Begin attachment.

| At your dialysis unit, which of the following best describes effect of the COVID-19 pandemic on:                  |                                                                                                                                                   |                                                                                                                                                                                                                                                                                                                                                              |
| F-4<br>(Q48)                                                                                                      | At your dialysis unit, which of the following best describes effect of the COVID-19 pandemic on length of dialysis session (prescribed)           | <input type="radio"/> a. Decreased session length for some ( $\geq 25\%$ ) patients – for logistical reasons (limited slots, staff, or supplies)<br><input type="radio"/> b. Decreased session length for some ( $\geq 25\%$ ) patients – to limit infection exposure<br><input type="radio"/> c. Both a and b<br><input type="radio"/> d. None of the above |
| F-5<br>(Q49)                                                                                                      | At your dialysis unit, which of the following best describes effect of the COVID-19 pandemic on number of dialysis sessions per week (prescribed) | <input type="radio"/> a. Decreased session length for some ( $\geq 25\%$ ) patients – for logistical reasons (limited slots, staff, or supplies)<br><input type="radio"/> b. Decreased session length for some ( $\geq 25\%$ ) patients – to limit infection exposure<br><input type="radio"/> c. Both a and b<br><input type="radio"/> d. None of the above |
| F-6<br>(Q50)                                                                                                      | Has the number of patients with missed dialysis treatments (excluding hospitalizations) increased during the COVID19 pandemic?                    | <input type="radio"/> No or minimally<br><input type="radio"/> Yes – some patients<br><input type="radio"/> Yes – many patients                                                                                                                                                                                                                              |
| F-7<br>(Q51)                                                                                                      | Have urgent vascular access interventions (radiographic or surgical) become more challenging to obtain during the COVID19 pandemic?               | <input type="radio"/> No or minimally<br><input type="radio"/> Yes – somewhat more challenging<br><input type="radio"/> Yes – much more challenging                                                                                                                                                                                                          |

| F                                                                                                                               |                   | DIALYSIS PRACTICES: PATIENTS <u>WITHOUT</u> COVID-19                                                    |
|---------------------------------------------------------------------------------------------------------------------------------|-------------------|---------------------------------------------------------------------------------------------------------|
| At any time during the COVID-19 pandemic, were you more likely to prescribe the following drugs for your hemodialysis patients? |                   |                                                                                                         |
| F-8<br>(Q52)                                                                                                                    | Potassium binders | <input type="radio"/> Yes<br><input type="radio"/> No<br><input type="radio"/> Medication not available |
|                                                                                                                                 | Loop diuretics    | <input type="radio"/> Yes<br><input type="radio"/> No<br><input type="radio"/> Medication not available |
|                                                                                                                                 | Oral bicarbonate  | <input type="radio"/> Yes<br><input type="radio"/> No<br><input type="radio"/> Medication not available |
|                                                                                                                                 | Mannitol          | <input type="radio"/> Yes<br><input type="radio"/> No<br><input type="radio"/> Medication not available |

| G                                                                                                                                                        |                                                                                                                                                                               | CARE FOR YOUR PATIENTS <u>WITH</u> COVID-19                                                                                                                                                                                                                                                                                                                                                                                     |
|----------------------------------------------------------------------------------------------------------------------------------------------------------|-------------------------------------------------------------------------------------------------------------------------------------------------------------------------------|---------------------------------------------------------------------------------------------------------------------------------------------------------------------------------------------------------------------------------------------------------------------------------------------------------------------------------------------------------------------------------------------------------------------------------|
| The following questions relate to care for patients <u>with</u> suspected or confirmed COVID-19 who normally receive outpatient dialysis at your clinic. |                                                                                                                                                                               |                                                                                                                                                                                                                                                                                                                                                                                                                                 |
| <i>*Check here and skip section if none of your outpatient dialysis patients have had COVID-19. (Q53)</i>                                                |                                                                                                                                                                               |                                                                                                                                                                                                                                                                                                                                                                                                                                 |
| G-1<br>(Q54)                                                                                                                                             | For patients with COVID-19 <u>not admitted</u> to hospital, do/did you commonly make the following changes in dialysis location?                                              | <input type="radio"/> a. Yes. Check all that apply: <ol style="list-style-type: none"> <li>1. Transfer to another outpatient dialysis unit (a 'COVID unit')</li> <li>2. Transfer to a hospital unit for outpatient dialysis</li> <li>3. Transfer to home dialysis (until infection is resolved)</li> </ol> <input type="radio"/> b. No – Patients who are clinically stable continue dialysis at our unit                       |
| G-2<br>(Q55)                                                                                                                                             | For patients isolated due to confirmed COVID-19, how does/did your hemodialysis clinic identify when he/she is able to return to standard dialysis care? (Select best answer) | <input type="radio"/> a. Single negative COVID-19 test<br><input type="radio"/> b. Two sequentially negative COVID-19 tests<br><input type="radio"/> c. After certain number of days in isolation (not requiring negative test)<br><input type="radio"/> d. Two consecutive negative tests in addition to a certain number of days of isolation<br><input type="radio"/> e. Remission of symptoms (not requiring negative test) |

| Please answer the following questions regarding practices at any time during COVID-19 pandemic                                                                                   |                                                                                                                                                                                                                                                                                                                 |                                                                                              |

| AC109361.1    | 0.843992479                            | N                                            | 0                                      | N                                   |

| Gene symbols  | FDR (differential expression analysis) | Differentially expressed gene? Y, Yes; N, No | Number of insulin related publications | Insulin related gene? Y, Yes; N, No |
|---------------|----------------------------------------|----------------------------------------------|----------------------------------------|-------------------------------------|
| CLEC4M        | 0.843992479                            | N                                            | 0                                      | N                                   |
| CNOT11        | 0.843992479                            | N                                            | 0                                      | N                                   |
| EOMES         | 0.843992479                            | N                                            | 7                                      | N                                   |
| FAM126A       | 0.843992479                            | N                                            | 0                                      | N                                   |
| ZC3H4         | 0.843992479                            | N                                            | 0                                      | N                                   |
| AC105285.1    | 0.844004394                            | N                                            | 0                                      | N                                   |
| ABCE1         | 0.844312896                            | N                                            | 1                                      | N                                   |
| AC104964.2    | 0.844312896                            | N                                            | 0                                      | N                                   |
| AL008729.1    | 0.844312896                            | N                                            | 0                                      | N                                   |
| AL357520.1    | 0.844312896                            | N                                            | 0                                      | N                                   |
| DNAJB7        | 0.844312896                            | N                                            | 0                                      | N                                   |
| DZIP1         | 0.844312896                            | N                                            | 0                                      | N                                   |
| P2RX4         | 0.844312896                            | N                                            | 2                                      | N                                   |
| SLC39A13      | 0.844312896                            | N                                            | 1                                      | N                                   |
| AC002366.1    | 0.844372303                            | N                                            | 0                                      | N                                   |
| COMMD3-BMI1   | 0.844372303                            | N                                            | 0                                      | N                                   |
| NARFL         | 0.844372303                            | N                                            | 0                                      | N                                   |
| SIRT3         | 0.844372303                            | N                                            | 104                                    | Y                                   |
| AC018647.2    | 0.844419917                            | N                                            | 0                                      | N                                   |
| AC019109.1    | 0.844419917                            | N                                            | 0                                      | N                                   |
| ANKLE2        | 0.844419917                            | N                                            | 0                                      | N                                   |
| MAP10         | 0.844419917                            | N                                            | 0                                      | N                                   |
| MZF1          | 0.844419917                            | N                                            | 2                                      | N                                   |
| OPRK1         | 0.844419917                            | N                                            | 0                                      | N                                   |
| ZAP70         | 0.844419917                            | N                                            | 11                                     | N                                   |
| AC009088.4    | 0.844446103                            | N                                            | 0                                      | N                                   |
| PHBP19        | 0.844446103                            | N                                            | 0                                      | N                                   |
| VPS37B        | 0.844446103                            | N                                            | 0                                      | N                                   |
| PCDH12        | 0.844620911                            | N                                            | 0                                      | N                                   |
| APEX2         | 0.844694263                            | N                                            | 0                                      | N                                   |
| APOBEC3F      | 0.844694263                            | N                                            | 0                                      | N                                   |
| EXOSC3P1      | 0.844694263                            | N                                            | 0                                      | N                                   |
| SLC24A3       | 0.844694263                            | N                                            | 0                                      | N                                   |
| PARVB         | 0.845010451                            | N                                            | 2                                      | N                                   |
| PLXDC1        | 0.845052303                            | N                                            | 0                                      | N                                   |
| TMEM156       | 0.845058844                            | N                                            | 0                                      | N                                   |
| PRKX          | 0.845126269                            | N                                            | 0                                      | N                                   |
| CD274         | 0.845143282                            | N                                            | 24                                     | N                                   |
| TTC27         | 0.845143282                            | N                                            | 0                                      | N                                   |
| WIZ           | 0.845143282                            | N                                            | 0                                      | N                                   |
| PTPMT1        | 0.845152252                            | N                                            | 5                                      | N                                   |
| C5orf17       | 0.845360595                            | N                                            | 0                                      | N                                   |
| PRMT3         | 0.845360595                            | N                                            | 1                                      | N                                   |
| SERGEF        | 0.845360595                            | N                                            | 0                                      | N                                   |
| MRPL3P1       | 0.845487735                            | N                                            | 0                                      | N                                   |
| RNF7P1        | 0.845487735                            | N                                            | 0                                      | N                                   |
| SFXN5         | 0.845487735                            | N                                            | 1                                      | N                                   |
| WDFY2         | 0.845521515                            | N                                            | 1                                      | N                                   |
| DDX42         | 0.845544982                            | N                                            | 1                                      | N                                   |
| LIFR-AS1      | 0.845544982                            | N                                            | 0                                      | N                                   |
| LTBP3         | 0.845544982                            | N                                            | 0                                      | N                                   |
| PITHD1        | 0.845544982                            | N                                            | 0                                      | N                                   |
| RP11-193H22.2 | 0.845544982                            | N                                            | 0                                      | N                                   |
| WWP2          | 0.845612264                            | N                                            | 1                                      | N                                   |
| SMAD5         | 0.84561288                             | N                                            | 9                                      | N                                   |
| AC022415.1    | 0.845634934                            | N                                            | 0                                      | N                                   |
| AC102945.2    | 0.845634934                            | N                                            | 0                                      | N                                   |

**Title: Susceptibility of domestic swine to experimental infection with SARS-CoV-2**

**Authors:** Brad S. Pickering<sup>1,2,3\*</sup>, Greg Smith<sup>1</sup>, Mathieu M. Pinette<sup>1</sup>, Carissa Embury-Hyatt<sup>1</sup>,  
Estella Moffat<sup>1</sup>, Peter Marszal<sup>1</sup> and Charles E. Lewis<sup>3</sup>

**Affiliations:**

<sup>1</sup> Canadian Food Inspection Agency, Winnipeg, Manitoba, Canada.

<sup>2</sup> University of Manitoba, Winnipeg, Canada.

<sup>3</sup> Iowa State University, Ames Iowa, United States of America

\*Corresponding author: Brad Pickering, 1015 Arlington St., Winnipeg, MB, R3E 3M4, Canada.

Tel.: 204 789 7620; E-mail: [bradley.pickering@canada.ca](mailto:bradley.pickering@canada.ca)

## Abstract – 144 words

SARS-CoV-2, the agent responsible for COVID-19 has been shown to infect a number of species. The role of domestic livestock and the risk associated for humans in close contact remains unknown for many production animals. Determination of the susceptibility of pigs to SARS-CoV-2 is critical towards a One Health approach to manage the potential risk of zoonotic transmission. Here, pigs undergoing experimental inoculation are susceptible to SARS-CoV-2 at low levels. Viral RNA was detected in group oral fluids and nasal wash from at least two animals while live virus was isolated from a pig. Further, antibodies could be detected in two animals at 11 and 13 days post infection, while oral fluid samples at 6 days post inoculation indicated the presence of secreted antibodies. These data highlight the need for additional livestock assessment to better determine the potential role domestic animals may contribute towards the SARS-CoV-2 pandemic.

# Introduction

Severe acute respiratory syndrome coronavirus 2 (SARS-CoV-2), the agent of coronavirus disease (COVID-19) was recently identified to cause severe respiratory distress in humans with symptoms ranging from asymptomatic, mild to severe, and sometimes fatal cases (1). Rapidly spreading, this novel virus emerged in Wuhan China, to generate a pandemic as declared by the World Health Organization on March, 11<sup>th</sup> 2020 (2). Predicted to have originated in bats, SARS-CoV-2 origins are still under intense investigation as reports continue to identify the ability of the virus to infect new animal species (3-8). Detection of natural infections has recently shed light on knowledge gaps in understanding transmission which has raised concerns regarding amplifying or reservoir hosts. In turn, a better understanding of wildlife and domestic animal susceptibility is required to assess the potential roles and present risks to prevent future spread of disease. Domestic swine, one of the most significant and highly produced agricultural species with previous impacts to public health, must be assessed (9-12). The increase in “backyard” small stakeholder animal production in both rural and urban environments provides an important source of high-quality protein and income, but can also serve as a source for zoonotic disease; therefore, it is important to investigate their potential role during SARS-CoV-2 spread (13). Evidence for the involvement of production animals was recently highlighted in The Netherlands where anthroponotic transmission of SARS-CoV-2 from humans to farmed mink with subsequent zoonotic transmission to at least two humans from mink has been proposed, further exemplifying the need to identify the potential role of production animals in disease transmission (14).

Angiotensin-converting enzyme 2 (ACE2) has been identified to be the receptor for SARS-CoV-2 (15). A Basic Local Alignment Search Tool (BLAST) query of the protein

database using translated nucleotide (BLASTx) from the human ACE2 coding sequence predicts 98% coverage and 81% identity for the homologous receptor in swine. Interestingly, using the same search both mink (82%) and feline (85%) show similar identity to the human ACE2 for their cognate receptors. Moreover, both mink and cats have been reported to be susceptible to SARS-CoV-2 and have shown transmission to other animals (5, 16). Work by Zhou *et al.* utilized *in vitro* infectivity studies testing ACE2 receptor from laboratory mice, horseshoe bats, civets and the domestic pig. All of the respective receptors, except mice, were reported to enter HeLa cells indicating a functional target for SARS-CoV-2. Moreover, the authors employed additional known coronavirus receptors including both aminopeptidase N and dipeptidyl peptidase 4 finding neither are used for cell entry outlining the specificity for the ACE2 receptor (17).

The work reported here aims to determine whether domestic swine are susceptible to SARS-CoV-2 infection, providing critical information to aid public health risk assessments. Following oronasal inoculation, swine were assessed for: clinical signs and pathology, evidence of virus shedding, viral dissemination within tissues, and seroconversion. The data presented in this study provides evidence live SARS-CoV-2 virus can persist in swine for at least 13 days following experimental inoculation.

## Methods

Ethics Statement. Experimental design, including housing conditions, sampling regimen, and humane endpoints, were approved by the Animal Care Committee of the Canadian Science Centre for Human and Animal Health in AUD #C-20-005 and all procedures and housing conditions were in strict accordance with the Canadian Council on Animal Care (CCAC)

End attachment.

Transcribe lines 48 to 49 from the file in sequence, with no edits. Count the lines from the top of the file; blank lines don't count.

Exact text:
| AC009088.4    | 0.844446103                            | N                                            | 0                                      | N                                   |
| PHBP19        | 0.844446103                            | N                                            | 0                                      | N                                   |